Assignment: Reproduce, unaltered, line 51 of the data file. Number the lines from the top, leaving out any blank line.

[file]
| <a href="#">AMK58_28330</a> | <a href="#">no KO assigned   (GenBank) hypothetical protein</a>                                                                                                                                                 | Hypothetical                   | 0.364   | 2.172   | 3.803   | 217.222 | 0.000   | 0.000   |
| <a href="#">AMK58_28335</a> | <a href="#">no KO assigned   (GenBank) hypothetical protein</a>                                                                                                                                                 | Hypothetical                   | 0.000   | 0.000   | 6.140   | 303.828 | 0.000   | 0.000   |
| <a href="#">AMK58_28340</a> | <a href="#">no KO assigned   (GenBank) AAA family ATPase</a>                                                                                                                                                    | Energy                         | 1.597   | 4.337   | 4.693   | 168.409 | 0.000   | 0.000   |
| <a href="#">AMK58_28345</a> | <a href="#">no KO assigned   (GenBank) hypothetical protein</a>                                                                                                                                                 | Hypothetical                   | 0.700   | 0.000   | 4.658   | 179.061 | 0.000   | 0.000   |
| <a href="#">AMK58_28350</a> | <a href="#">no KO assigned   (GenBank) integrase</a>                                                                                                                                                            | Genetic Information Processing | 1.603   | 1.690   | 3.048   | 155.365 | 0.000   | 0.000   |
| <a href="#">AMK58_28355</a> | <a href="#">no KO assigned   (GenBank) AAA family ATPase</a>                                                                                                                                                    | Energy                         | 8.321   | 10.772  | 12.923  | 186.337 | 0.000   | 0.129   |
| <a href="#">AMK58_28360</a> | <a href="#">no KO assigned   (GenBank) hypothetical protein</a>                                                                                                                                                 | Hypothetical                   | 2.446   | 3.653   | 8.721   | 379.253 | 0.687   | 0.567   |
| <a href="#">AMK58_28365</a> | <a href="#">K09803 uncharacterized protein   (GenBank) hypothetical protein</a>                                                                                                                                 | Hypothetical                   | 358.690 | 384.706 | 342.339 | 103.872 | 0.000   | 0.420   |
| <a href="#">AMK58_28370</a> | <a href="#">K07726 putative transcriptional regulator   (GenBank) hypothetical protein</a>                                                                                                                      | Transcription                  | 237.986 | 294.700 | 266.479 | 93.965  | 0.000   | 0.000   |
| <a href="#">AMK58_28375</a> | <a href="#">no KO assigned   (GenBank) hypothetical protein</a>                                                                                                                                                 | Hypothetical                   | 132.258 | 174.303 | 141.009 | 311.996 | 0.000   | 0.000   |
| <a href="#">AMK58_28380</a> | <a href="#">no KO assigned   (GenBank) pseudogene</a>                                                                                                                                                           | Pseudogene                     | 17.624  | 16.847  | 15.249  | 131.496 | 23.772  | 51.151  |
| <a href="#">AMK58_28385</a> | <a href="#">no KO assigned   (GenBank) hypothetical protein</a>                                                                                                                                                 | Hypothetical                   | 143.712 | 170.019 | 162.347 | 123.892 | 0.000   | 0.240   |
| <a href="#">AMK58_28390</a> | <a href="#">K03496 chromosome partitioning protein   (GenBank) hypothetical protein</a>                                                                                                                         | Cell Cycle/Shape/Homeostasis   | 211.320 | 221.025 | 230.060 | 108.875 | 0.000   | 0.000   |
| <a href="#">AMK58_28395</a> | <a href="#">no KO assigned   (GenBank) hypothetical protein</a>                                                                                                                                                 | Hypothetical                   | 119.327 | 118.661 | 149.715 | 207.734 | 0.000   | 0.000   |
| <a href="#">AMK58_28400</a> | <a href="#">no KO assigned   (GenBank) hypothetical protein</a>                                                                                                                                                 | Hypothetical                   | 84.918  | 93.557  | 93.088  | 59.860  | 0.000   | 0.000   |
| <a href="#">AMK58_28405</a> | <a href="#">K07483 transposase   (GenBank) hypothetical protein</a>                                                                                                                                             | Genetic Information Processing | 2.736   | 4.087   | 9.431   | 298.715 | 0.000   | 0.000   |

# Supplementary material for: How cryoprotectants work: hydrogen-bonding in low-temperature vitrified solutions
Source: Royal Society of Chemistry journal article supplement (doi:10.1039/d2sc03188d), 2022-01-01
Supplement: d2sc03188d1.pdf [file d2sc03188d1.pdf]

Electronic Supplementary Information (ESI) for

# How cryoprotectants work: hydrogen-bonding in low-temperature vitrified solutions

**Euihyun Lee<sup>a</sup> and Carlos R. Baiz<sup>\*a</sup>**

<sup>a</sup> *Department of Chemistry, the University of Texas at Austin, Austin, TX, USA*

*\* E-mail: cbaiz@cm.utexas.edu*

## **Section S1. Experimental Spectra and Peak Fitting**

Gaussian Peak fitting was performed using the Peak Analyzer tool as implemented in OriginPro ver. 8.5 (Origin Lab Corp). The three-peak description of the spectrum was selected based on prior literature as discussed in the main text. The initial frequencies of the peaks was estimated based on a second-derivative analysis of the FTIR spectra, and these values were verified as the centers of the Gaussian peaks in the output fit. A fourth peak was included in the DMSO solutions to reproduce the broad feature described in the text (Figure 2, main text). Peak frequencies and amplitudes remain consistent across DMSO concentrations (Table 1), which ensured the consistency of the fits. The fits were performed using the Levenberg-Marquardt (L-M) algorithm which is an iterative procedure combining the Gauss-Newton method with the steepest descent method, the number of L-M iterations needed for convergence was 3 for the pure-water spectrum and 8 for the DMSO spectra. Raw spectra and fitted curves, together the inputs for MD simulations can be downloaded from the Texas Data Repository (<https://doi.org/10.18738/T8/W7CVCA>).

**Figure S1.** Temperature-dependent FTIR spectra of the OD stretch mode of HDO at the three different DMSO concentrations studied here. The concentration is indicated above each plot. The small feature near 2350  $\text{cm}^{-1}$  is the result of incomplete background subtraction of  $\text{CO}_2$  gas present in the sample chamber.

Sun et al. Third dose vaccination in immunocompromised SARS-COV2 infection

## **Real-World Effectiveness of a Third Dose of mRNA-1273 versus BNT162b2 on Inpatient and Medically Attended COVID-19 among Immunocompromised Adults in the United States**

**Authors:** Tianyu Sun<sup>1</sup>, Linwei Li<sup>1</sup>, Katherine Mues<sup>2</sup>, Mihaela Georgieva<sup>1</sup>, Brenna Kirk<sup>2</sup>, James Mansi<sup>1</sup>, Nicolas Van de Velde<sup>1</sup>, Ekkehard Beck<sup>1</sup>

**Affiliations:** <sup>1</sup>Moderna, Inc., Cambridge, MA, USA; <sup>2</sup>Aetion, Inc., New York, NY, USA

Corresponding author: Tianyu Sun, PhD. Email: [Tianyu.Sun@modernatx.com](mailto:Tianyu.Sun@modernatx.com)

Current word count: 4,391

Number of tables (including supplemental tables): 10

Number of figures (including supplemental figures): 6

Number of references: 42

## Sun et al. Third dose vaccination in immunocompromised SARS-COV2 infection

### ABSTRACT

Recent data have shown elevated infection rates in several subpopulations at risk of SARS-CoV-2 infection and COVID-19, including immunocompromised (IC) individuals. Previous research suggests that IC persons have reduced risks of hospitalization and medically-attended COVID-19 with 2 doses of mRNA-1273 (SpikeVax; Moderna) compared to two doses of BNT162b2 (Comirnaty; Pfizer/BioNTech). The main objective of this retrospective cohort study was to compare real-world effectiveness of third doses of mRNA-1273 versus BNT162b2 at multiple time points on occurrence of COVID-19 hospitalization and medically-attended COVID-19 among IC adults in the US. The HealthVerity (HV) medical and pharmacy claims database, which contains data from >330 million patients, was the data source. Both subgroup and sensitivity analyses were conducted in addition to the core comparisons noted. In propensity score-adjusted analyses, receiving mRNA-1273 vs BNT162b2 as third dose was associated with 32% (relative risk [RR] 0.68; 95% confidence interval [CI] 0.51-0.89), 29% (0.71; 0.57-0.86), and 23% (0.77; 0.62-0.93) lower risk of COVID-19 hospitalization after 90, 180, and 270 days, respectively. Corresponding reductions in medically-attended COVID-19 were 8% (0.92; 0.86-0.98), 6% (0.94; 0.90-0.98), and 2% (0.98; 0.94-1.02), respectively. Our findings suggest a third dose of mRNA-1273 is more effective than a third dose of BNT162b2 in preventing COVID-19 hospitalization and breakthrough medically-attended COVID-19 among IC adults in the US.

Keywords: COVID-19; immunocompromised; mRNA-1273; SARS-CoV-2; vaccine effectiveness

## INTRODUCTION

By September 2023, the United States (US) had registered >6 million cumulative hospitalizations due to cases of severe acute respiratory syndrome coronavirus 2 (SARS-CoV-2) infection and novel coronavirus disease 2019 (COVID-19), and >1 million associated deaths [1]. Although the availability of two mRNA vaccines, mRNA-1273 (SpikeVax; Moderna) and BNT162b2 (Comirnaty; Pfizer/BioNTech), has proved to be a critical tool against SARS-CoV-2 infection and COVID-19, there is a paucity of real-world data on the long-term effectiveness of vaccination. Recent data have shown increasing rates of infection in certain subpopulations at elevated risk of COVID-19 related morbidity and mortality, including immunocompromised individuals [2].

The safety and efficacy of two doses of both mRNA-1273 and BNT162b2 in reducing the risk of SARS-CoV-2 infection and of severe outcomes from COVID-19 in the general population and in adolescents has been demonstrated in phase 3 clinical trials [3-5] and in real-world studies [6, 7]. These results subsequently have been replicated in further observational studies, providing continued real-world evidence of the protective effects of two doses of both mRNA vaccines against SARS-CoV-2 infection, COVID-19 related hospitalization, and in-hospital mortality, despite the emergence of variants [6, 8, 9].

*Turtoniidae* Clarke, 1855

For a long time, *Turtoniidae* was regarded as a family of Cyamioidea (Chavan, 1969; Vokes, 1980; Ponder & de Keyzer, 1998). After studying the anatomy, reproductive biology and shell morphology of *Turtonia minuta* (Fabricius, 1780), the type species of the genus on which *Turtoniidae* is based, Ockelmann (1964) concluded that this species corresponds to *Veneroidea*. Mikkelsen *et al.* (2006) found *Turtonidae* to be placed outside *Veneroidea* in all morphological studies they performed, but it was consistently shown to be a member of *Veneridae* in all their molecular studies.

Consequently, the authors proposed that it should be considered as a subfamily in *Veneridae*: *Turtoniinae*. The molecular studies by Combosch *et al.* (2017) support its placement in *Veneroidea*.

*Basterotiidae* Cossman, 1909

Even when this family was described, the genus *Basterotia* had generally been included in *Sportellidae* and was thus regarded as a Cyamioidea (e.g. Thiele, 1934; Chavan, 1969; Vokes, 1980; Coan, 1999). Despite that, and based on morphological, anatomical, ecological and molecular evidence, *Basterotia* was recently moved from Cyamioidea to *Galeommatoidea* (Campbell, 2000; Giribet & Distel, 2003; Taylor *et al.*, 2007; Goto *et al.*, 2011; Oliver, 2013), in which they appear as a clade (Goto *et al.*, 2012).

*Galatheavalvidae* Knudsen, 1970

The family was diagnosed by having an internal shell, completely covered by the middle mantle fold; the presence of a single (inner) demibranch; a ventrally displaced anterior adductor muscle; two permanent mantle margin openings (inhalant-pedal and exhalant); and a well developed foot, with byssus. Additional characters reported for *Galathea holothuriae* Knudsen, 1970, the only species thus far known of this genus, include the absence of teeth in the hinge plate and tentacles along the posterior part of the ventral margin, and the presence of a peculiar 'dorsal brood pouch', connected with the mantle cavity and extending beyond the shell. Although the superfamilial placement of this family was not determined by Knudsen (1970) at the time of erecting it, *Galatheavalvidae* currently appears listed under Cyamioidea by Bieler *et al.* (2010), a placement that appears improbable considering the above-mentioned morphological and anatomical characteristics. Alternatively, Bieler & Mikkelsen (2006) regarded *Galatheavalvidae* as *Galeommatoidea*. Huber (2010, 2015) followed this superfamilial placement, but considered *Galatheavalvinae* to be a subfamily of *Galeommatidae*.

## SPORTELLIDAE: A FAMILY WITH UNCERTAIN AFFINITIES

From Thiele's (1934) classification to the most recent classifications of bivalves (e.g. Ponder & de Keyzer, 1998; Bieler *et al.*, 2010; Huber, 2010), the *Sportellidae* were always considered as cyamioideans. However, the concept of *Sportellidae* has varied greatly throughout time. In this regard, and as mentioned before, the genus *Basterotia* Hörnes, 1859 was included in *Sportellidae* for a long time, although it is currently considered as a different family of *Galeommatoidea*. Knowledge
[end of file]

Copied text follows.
## SPORTELLIDAE: A FAMILY WITH UNCERTAIN AFFINITIES